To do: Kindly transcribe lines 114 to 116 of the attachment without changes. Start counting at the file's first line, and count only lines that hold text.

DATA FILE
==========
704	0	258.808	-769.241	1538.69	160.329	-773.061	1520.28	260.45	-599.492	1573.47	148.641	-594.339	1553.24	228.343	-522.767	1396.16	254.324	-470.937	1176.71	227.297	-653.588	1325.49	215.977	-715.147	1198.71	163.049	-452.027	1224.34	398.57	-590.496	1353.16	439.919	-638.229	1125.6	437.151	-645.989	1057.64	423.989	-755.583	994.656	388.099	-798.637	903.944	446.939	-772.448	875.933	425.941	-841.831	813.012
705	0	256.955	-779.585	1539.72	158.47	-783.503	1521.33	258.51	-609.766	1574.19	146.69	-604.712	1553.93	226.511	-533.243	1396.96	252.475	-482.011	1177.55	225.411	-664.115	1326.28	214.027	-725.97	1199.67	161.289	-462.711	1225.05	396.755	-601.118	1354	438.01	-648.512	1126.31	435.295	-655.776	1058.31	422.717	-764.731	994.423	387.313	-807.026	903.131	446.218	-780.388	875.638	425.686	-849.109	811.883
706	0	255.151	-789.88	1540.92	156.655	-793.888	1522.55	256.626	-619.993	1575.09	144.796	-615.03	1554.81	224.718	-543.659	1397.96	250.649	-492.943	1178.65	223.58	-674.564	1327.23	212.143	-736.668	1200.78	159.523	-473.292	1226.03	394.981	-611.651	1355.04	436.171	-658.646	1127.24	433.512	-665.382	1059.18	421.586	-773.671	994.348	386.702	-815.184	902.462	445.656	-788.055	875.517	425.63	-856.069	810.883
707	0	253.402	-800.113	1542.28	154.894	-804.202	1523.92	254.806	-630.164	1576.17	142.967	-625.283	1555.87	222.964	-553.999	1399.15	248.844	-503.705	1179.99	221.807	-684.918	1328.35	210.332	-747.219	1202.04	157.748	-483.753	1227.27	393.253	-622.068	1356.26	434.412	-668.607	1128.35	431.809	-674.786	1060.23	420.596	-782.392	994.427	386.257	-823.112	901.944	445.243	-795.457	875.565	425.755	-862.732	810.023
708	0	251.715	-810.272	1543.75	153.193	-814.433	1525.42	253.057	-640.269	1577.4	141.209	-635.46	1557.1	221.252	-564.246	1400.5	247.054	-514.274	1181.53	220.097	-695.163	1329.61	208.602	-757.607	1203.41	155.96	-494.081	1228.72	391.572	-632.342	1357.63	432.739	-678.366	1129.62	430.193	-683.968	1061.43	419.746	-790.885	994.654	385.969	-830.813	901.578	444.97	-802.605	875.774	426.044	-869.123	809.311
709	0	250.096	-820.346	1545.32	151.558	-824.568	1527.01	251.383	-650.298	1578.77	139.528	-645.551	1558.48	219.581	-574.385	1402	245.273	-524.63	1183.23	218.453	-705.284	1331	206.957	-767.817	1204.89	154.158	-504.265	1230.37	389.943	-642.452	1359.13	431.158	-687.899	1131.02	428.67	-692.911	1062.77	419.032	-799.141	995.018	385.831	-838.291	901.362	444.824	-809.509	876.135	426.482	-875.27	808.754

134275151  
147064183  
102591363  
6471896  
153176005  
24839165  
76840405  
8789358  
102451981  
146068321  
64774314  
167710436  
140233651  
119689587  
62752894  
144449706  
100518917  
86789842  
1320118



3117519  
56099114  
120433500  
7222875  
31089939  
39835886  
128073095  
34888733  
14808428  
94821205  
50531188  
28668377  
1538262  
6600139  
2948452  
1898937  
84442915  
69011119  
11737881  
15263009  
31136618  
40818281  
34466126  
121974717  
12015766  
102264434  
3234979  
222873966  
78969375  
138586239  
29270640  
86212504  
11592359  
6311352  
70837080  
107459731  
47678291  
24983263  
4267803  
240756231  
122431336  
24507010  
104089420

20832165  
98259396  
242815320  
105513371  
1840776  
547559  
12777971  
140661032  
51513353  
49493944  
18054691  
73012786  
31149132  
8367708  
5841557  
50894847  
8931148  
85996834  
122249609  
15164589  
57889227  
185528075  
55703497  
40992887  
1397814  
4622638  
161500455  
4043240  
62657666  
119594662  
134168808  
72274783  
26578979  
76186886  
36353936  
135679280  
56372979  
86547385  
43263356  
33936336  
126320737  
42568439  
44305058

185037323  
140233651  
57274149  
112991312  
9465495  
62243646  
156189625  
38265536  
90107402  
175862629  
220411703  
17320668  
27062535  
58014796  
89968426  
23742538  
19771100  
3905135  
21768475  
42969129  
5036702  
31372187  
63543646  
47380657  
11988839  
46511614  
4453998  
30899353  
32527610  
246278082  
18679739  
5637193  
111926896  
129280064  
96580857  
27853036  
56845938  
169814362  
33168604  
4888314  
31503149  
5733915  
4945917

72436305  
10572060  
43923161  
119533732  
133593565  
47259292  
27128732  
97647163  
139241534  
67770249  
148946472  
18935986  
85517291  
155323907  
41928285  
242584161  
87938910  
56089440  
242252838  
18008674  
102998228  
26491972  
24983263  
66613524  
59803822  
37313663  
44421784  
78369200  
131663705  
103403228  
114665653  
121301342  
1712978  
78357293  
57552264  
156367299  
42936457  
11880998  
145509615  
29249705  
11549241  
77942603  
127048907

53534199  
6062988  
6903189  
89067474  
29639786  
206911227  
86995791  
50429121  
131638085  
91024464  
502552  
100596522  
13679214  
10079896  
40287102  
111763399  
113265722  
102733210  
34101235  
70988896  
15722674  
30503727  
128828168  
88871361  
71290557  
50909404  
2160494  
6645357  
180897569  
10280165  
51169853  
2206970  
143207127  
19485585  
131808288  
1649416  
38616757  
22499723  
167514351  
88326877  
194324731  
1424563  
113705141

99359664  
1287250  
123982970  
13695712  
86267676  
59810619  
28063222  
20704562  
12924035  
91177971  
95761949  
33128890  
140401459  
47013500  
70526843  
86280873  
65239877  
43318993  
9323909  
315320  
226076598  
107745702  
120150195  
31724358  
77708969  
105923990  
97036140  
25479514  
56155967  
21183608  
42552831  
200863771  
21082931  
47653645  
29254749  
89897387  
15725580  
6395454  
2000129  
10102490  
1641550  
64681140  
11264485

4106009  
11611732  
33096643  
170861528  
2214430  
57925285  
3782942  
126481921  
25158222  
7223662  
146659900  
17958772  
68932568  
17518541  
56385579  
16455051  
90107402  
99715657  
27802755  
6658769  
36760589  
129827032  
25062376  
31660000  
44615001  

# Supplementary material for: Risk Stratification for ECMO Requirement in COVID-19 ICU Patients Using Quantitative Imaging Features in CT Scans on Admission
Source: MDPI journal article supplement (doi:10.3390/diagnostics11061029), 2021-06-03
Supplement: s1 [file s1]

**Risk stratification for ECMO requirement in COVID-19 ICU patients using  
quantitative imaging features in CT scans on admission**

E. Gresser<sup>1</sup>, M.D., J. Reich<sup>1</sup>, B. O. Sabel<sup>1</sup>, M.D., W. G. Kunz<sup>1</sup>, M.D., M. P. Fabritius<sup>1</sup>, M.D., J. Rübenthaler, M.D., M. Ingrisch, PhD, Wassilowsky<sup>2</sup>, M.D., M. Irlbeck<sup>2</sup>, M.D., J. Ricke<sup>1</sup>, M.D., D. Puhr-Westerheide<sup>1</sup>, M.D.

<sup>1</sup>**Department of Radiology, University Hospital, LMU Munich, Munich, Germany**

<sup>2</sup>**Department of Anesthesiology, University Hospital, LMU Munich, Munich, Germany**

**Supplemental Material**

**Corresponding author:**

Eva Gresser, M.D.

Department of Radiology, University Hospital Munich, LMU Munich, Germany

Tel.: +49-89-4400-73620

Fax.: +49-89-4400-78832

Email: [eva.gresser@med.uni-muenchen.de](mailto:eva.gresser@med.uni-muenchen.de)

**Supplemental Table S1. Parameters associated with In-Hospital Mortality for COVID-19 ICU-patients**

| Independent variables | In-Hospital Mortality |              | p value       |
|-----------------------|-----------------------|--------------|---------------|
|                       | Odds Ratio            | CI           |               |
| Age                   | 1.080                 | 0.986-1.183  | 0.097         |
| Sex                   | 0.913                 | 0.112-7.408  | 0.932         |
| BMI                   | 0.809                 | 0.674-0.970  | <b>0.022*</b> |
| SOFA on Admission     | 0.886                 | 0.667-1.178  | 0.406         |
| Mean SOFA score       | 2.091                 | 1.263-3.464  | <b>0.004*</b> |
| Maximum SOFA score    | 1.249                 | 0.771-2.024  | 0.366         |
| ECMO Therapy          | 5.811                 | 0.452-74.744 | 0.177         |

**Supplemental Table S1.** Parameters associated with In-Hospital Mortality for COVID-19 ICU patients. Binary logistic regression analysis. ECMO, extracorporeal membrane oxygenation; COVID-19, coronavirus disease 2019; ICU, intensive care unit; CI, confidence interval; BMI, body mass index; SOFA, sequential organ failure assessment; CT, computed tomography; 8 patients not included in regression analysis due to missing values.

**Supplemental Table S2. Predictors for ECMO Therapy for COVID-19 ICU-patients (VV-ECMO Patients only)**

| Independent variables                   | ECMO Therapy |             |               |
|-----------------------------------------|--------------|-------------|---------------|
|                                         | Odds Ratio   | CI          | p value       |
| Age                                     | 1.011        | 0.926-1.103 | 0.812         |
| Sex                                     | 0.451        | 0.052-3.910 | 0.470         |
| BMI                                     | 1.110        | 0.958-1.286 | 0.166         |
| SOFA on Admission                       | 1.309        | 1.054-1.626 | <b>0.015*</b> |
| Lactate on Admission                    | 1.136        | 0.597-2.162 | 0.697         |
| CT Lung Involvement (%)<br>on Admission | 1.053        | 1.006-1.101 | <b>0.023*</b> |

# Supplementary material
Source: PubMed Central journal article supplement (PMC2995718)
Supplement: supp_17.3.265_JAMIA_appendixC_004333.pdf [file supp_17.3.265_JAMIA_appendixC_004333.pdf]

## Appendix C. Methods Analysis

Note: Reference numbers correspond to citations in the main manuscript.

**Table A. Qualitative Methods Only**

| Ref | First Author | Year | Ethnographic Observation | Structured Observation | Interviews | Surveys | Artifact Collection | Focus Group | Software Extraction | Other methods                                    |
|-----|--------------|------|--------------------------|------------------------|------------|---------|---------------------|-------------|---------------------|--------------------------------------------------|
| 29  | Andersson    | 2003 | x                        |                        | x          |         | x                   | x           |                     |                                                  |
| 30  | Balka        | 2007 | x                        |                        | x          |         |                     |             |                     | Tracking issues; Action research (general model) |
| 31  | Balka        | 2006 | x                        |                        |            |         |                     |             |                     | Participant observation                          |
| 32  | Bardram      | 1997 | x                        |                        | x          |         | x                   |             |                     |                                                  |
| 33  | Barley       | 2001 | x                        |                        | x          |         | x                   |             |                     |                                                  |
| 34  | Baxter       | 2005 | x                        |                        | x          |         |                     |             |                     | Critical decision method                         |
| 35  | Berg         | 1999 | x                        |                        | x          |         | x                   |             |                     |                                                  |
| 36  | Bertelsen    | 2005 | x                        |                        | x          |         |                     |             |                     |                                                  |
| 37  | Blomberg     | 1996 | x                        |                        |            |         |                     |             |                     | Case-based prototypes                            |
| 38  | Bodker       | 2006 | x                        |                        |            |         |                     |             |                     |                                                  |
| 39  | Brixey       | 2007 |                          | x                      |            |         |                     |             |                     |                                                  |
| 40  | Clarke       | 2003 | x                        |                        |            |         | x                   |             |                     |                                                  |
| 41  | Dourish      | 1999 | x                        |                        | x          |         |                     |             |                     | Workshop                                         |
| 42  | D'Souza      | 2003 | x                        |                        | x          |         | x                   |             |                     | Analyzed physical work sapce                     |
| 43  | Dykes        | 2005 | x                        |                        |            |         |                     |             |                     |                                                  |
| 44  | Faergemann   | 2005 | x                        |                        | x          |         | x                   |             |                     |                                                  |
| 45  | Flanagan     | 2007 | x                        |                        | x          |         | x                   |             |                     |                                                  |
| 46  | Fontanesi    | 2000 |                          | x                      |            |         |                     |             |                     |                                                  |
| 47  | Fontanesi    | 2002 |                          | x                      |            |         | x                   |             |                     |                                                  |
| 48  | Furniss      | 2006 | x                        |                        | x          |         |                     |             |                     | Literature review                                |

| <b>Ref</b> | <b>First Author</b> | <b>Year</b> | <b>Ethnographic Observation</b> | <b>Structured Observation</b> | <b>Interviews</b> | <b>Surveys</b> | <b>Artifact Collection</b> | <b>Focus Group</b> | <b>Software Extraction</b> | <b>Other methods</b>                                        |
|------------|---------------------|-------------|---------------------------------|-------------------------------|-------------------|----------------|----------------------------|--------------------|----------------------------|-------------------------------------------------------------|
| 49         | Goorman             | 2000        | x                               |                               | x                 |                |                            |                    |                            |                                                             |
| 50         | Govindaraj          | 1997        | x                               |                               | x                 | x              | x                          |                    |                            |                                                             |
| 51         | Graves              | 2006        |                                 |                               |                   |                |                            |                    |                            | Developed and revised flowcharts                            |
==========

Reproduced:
57274149  
112991312  
9465495  